July 15, 2021
Great Horned Owl talon detail
Great Horned Owl talon detail
It’s been awhile since I did a book review in this space, but an old birding friend who has a thing for owls, and knows I have a thing for owls, recently sent me a must read book about owls.  It is the story of Jonathon Slaght and his five years spent researching the life cycle of Blakiston’s Fish Owl in the nearly uninhabited but no longer pristine wilderness of Russia’s Pacific coast north of Vladivostok.

If you’re a birder and you don’t have a thing for owls, Slaght’s book would be an excellent place to begin acquiring one.  In addition to his love of nature, adventure, and meticulous field research, he is a gifted writer, and this book reads more like noir fiction and nothing like a scientific doctoral thesis project.  It is replete with shady characters, bleak settings, and brushes with disaster, but the conservation of Fish Owls and, more importantly, Fish Owl habitat triumphs in the end.

Blakiston’s Fish Owl is the world’s largest owl, one-third again larger(!) than our Great Horned Owl.  Jon Slaght, a native Minnesotan, is now the Northeast Asian coordinator for the Wildlife Conservation Society, but when he saw his first Fish Owl in the year 2000 while serving in the Peace Corp in Primorye Province, Russia, he was only a casual birdwatcher.  His grainy photographs proved this elusive and endangered species still hung on in the coastal mountains north of Vladivostok where it hadn’t been seen in over a hundred years, and it set Slaght on the course of his life’s work.

The key to the book, and to the study of Blakiston’s Fish Owl, lies in the fact that research must be done in winter when, like our Great Horneds, they are most vocal as they pair up, establish territories, and leave tracks in the snow on the riverbanks where they go to fish for salmonid species.  In temperatures of minus 30 Celsius!  There are a lot of ways to die doing outdoor research in Primorye in winter, and in Slaght’s twenty winter months in the forests there between 2006 and 2010 he had brushes with many of them.

Falling through thin ice while navigating frozen rivers, on foot and snow machine?  Check.  Unexpected dunkings, in full winter clothing, in flash floods during snowmelt in early spring?  Check.  Stranded on foot in waist deep snow miles from habitation?  Check.  Manhandling provision sleds for hours through mazes of blowdown timber?  Check.  Death by Amur Tiger?  A fisherman was killed and eaten by a tiger in Slaght’s research territory.  Death by vodka?  Slaght partook sparingly and only when social interactions with villagers and reclusive hunters seemed to require it.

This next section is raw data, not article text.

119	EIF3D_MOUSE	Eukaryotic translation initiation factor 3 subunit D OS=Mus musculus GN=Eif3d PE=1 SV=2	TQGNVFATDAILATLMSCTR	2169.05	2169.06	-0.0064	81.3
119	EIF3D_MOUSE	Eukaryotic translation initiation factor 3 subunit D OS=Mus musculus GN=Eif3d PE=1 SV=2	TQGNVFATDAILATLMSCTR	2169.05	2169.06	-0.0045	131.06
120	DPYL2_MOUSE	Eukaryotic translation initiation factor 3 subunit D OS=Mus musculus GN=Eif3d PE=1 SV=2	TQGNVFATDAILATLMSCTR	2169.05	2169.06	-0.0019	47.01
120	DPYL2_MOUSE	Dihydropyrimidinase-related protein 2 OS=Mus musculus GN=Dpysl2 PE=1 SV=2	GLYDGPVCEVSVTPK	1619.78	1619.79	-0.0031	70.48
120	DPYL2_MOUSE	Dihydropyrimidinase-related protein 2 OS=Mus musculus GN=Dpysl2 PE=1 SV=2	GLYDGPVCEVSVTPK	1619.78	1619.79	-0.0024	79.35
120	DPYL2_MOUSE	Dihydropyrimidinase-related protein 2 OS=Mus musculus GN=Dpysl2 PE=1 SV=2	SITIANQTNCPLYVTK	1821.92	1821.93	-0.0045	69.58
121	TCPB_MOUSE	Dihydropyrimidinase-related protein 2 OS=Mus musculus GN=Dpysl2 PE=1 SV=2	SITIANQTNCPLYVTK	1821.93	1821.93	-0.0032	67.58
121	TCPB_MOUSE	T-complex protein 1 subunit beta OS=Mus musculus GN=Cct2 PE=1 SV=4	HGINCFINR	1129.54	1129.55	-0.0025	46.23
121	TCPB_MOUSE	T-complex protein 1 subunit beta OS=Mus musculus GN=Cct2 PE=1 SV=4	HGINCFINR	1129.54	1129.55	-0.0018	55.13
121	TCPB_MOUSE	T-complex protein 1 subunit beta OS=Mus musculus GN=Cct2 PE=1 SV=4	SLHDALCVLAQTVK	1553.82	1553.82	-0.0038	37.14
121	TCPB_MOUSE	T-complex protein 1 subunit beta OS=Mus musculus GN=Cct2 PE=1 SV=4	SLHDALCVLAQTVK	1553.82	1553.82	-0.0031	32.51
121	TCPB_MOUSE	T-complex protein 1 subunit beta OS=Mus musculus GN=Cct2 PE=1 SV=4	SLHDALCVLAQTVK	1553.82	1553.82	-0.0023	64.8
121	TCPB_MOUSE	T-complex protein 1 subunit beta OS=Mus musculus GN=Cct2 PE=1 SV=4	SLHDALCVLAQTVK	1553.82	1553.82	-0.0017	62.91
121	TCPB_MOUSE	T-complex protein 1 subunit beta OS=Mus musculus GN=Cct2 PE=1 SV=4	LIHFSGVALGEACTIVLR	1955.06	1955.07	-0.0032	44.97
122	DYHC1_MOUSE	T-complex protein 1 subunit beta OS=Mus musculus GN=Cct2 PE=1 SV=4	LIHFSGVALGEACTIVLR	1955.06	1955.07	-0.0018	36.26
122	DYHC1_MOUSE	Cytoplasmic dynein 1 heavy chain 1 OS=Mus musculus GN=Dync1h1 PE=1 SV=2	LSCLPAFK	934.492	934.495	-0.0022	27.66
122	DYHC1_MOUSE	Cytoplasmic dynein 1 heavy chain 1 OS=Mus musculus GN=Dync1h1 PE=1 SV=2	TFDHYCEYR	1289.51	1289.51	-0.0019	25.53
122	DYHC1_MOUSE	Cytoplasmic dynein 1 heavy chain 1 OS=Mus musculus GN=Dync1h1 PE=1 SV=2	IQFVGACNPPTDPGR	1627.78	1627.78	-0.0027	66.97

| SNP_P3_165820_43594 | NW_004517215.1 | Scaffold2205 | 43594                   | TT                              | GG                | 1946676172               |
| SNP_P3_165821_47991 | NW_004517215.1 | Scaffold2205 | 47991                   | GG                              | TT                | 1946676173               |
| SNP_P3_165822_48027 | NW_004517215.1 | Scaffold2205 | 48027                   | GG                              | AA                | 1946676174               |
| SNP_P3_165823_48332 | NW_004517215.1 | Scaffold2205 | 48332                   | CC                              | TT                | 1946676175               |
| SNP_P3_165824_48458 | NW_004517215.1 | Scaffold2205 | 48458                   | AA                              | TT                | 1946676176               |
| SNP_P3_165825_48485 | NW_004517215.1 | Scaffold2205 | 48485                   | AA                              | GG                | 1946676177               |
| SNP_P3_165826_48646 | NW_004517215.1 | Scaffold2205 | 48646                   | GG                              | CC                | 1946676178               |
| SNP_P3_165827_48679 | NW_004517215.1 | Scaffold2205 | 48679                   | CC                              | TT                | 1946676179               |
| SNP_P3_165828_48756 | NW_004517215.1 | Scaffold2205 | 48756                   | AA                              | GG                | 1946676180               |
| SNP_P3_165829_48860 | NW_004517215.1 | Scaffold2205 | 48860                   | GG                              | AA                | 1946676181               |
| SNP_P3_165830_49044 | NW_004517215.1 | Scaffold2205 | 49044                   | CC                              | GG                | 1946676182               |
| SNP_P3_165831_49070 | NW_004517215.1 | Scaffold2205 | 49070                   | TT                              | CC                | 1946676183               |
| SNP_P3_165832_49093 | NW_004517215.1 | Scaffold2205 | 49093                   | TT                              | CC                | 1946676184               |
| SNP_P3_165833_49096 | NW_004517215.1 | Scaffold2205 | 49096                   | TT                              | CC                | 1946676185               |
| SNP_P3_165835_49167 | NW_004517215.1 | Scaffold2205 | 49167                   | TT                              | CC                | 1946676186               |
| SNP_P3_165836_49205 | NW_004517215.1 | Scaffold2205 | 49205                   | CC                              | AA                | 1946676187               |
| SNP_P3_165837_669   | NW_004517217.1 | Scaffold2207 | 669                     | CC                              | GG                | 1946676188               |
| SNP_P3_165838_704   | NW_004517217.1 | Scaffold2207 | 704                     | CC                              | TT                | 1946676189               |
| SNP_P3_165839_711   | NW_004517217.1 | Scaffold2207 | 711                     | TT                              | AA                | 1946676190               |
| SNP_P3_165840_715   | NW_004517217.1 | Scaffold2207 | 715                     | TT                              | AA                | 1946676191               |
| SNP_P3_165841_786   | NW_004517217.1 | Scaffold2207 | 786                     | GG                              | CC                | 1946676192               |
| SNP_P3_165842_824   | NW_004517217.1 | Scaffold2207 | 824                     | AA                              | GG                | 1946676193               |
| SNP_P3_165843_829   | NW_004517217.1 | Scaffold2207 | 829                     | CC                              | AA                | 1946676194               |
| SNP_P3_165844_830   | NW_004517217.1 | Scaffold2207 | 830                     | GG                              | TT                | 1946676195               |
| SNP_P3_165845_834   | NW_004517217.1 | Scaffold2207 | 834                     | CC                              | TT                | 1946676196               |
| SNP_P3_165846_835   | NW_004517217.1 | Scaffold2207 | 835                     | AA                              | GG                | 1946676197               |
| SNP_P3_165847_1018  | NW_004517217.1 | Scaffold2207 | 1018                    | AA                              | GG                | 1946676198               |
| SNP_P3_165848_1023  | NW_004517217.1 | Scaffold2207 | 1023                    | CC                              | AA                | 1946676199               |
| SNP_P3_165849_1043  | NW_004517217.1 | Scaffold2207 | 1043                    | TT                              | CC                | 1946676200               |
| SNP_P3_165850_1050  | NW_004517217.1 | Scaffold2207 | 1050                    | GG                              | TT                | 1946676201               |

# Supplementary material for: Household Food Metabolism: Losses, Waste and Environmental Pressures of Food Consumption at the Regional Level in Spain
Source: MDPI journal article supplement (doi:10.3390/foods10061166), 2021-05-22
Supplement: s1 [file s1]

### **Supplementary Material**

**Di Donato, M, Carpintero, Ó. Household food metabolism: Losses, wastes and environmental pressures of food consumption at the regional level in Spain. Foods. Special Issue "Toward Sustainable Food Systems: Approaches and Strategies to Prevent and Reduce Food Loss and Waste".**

Imagine, in these adverse conditions, the questions Slaght and Sergey, his Russian research partner, had to answer over and above the logistical problems of just getting into suitable habitat.  Where are the owls?  The first season they spent walking the snowy river valleys listening for calls, looking for tracks, and scoping for the occasional massive nest trees, Japanese Poplars or Manchurian Elms, with blowouts or huge cavities.

Then, how do you capture a bird over two feet tall with a six foot wingspan?  Sergey had done it once by chance with a trip wire on a fall trap, but they settled on a noose carpet, with the nooses loose enough a captured owl could escape if the researchers failed to hear the trap transmitter.  During their second season, after a few failures, they devised a box trap of open mesh in which they placed prey fish, then put it in shallow water at the river bank next to the noose carpets.

And, finally, how do you restrain, measure, draw blood, and attach leg bands and a lipstick sized transmitter to a Fish Owl’s back without traumatizing it or having your arm or hand sliced open with beak or talons?  Carefully of course, and by the end of their second field season they were well practiced, having captured and released one of the resident owl pairs in four different territories.

Tracking the birds, learning their habitat needs, and pinpointing where potential environmental threats might arise led to Slaght’s conservation plan for the species.  I’ll let Slaght tell you what it meant to him in his own words—“Primorye is, more so than most of the temperate zone, a place where humans and wildlife still share the same resources.  Many parts of the world are too urban or overpopulated for such natural systems to exist:  In Primorye, nature moves in a flow of interconnected parts.  The world is richer for it.  Fish Owls are a symbol of this functioning ecosystem, a demonstration that wilderness can still be found.”

Blakiston’s Fish Owl surely belongs in that pantheon of charismatic avifauna—condors, eagles, falcons--atop both the planet’s avian food chain and the iconography of birders’ most fevered daydreams.  Jon Slaght’s new book will take you to the place where the world’s largest owl lives, a place it’s doubtful you’ll ever visit, a place which must live on in our imagination as we struggle to reinvent our relationship to our planet and its other living creatures.